Concern grows over sale of Anglesey heritage sites
A working windmill, two Iron Age roundhouses and one of Britain's oldest courthouses could be sold by Anglesey council.
Concern has been voiced over the plans, with historians saying the authority is "selling off the family silver".
Beaumaris courthouse and Victorian jail and the Melin Llynnon windmill have been earmarked for possible sale.
The authority said it wanted to "safeguard the sites" set against its own "growing financial constraints".
Beaumaris mayor Jason Zalot said he was "very, very scared" about developers taking over the jail and courthouse, although the council has said it will listen to ideas from any interested party.
"We do not want to see them turned into a theme park or an amusement arcade. They are a very important part of the Beaumaris' history, and an important tourist attraction."
Mr Zalot said Beaumaris Town Council intended to create a group in order to run the sites.
"We do not know who we are up against. Our concern is that the council will just sell to the highest bidder," he added.
The sale has been announced as part of a £3.5m saving from next year's budget.
Dr Ken Roberts, of the Anglesey Antiquarian Society, said it was important the council found someone who had an interest in the history of Wales.
"What concerns me is that Anglesey county council is selling off the family silver when they should really hang on to them all."
Anglesey council's head of learning, Delyth Molyneux, explained: "All proposals which address the long-term financial sustainability of the sites while providing vibrant, dynamic visitor offers will be considered carefully.
"Our main aim is to develop a new and sustainable business model, or models, to safeguard the future of these sites, and protect and preserve the island's culture and heritage."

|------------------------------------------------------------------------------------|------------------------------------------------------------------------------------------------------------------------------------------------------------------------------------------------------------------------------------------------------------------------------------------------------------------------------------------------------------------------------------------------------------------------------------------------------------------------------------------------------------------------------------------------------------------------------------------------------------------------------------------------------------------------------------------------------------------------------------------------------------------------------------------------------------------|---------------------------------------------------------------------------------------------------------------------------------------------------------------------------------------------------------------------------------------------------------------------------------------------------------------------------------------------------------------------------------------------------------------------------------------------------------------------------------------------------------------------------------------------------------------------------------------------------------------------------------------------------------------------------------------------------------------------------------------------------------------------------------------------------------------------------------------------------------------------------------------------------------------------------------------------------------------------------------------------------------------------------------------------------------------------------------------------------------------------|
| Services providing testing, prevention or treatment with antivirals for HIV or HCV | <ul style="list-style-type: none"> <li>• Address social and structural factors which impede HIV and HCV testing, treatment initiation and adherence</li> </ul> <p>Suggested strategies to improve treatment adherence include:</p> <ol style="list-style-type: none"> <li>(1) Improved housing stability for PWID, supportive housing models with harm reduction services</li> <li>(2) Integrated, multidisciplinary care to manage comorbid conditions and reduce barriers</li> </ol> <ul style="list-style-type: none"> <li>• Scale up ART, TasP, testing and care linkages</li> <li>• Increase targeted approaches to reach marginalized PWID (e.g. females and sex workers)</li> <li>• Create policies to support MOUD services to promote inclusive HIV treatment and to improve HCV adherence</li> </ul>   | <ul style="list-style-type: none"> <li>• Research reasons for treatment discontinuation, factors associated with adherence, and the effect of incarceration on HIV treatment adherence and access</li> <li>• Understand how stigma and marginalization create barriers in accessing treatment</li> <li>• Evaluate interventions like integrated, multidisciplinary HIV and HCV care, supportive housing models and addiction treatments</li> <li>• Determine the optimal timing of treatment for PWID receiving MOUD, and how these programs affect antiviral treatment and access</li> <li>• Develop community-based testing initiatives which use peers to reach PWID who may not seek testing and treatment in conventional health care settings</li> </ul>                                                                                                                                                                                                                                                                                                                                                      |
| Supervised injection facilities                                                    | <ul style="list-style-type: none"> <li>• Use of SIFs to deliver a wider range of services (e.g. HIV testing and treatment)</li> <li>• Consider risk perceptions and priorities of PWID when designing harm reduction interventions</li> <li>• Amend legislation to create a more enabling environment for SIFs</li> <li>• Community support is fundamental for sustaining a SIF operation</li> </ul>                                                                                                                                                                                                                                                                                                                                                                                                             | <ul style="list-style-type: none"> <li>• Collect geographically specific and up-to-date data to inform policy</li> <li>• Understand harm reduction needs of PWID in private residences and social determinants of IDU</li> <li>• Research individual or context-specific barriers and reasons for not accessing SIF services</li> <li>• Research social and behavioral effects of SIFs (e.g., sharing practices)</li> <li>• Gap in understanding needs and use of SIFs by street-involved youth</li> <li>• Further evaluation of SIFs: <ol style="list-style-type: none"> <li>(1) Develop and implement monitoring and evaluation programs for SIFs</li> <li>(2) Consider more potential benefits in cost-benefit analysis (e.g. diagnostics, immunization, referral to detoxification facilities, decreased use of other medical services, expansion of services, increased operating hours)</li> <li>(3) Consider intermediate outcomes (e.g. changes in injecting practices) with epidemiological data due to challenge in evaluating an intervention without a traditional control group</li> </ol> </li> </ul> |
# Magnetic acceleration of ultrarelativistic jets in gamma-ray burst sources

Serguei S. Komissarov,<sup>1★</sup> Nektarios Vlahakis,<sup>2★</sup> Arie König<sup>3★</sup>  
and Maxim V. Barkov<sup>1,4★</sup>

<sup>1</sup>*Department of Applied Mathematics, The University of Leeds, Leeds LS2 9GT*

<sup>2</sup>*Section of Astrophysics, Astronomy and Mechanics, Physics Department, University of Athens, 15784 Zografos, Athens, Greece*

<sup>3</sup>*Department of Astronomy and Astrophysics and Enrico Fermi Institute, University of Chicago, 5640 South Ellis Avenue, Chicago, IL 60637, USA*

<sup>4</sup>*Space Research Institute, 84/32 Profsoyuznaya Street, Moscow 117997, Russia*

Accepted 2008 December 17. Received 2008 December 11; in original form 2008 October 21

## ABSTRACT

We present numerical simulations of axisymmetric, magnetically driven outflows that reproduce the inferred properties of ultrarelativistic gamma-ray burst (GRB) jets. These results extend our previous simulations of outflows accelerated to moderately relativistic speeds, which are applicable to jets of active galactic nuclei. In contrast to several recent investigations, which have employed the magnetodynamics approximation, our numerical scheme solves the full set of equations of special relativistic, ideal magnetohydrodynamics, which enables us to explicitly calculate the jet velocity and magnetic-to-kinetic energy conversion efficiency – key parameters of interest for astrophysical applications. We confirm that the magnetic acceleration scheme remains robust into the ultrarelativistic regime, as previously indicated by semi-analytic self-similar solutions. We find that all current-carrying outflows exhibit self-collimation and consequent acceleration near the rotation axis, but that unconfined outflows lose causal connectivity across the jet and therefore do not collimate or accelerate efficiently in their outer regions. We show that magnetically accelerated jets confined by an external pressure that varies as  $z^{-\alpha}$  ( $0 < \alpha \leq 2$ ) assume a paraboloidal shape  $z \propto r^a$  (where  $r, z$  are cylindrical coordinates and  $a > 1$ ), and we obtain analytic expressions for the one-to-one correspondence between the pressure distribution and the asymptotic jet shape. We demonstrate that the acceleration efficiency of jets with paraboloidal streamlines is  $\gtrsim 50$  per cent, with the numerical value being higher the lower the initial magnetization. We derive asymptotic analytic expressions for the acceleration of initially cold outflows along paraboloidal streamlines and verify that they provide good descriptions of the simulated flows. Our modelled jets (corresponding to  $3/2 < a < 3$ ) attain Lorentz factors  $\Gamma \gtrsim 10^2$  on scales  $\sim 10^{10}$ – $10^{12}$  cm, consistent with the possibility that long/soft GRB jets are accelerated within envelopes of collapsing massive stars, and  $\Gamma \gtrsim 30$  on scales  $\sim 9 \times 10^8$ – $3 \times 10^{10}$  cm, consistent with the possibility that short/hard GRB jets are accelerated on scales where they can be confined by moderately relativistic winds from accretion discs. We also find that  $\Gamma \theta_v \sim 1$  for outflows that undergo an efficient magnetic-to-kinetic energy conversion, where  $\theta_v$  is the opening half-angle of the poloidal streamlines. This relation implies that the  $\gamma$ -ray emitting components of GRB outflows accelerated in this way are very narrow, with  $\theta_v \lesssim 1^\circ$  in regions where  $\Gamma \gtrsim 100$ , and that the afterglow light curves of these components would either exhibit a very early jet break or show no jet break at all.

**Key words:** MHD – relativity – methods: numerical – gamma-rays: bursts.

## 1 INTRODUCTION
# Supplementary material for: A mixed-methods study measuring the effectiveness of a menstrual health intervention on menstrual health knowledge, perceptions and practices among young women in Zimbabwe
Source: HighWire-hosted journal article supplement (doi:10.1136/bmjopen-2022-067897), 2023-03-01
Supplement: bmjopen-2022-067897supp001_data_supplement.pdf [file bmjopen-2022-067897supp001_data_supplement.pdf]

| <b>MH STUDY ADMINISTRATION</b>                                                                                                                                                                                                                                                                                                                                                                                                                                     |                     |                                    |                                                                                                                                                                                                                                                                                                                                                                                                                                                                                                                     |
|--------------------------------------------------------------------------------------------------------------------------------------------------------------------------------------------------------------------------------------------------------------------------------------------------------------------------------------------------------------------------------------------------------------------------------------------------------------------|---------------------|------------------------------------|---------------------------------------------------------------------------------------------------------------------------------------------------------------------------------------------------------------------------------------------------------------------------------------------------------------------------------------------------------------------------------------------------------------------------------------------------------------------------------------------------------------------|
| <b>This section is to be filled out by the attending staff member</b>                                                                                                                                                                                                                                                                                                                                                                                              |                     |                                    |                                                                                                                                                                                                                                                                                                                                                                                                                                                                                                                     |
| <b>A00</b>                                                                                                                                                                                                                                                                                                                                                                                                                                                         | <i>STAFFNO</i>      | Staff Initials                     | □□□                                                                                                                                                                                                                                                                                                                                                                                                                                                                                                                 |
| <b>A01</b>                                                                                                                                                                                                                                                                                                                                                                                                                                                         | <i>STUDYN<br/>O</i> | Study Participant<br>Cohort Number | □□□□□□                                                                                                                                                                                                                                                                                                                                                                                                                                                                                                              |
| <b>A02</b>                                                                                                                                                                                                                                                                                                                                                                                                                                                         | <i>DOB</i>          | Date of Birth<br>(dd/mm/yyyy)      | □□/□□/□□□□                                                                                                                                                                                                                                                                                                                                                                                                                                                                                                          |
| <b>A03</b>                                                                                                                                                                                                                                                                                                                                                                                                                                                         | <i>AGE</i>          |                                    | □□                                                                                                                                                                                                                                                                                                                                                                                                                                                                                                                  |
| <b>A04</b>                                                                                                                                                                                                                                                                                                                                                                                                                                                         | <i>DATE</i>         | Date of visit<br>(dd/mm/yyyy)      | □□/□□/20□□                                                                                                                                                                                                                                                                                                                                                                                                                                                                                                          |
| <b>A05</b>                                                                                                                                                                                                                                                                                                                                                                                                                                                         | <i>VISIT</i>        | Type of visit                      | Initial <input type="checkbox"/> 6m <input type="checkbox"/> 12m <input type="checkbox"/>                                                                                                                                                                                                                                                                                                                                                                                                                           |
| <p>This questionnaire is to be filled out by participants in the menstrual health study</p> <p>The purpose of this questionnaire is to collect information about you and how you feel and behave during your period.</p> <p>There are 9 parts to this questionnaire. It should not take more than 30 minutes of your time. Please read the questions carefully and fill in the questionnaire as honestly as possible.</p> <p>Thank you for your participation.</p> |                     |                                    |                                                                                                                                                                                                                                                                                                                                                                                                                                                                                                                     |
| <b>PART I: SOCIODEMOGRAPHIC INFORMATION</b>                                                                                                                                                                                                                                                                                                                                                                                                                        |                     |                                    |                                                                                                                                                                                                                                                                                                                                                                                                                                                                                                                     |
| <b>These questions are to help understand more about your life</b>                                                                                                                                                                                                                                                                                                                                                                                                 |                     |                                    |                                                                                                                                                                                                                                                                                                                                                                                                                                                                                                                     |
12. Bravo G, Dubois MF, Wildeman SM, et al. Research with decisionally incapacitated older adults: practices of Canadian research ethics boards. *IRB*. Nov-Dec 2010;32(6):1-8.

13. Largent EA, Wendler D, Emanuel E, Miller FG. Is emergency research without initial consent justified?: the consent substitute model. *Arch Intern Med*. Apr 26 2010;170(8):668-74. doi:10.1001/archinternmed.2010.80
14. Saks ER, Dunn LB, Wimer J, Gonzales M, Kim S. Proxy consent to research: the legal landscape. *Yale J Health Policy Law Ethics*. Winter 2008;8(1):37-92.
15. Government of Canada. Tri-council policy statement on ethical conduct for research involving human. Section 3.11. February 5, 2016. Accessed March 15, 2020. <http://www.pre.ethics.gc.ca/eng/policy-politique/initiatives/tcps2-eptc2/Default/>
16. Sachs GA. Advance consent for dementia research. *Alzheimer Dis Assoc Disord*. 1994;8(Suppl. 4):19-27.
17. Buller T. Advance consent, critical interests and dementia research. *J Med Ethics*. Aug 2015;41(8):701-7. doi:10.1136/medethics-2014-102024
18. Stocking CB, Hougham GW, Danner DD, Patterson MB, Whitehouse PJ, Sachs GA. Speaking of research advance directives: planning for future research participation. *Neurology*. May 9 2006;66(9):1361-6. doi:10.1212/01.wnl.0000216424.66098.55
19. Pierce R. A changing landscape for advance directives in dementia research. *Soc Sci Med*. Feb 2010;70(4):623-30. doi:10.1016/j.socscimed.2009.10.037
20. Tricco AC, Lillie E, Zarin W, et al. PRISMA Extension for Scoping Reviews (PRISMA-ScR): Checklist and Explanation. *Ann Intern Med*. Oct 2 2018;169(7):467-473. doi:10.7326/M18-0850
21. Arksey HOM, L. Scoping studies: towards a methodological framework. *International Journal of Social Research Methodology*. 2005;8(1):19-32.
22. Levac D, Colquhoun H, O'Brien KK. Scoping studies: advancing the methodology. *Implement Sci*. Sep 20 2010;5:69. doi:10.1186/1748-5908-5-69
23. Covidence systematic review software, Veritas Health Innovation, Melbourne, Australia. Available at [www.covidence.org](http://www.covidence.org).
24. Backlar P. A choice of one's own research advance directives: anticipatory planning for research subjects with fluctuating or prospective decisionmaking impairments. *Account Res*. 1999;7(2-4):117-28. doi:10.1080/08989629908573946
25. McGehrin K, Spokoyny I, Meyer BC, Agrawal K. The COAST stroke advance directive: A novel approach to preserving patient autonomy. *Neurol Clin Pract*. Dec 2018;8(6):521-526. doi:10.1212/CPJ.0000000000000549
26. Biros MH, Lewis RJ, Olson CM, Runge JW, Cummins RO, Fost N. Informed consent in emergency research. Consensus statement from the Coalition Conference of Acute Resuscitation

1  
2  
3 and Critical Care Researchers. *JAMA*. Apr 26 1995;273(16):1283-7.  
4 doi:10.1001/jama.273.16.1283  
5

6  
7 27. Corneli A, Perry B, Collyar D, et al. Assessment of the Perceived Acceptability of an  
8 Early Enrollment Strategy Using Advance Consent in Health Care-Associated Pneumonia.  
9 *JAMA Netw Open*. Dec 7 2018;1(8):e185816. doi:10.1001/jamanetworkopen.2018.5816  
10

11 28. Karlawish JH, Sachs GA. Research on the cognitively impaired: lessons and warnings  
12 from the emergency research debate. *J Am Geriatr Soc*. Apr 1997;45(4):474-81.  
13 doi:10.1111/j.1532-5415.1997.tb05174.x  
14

Proposals are being sought from town and community councils, social enterprises, businesses, trusts and other organisations.
The council said it will launch a consultation before any final decision is made.
Built in 1614, Beaumaris courthouse is one of the oldest courthouses in Britain. Although alterations were made in the 19th Century, its original character remains the same.
Throughout the centuries the courthouse has witnessed various cases from petty misdemeanours to murder. Visitors can walk through the large rectangular courtroom, stand in the original dock and view the grand jury room.
This Victorian jail was built in 1829. The gaol apparently features the only original tread wheel in situ in Britain and a gibbet is still fixed to the outer wall.
Visitors can walk along the dimly lit corridors and explore the old cells and places of punishment. They can even visit the punishment cell and the condemned cell.
This is the only working windmill in Wales. Built in 1775, Melin Llynnon operates as an agricultural museum, and produces stone-ground wholemeal flour using organic wheat.
The site also has two Iron Age roundhouses providing an insight of the life of farmers more than 3,000 years ago.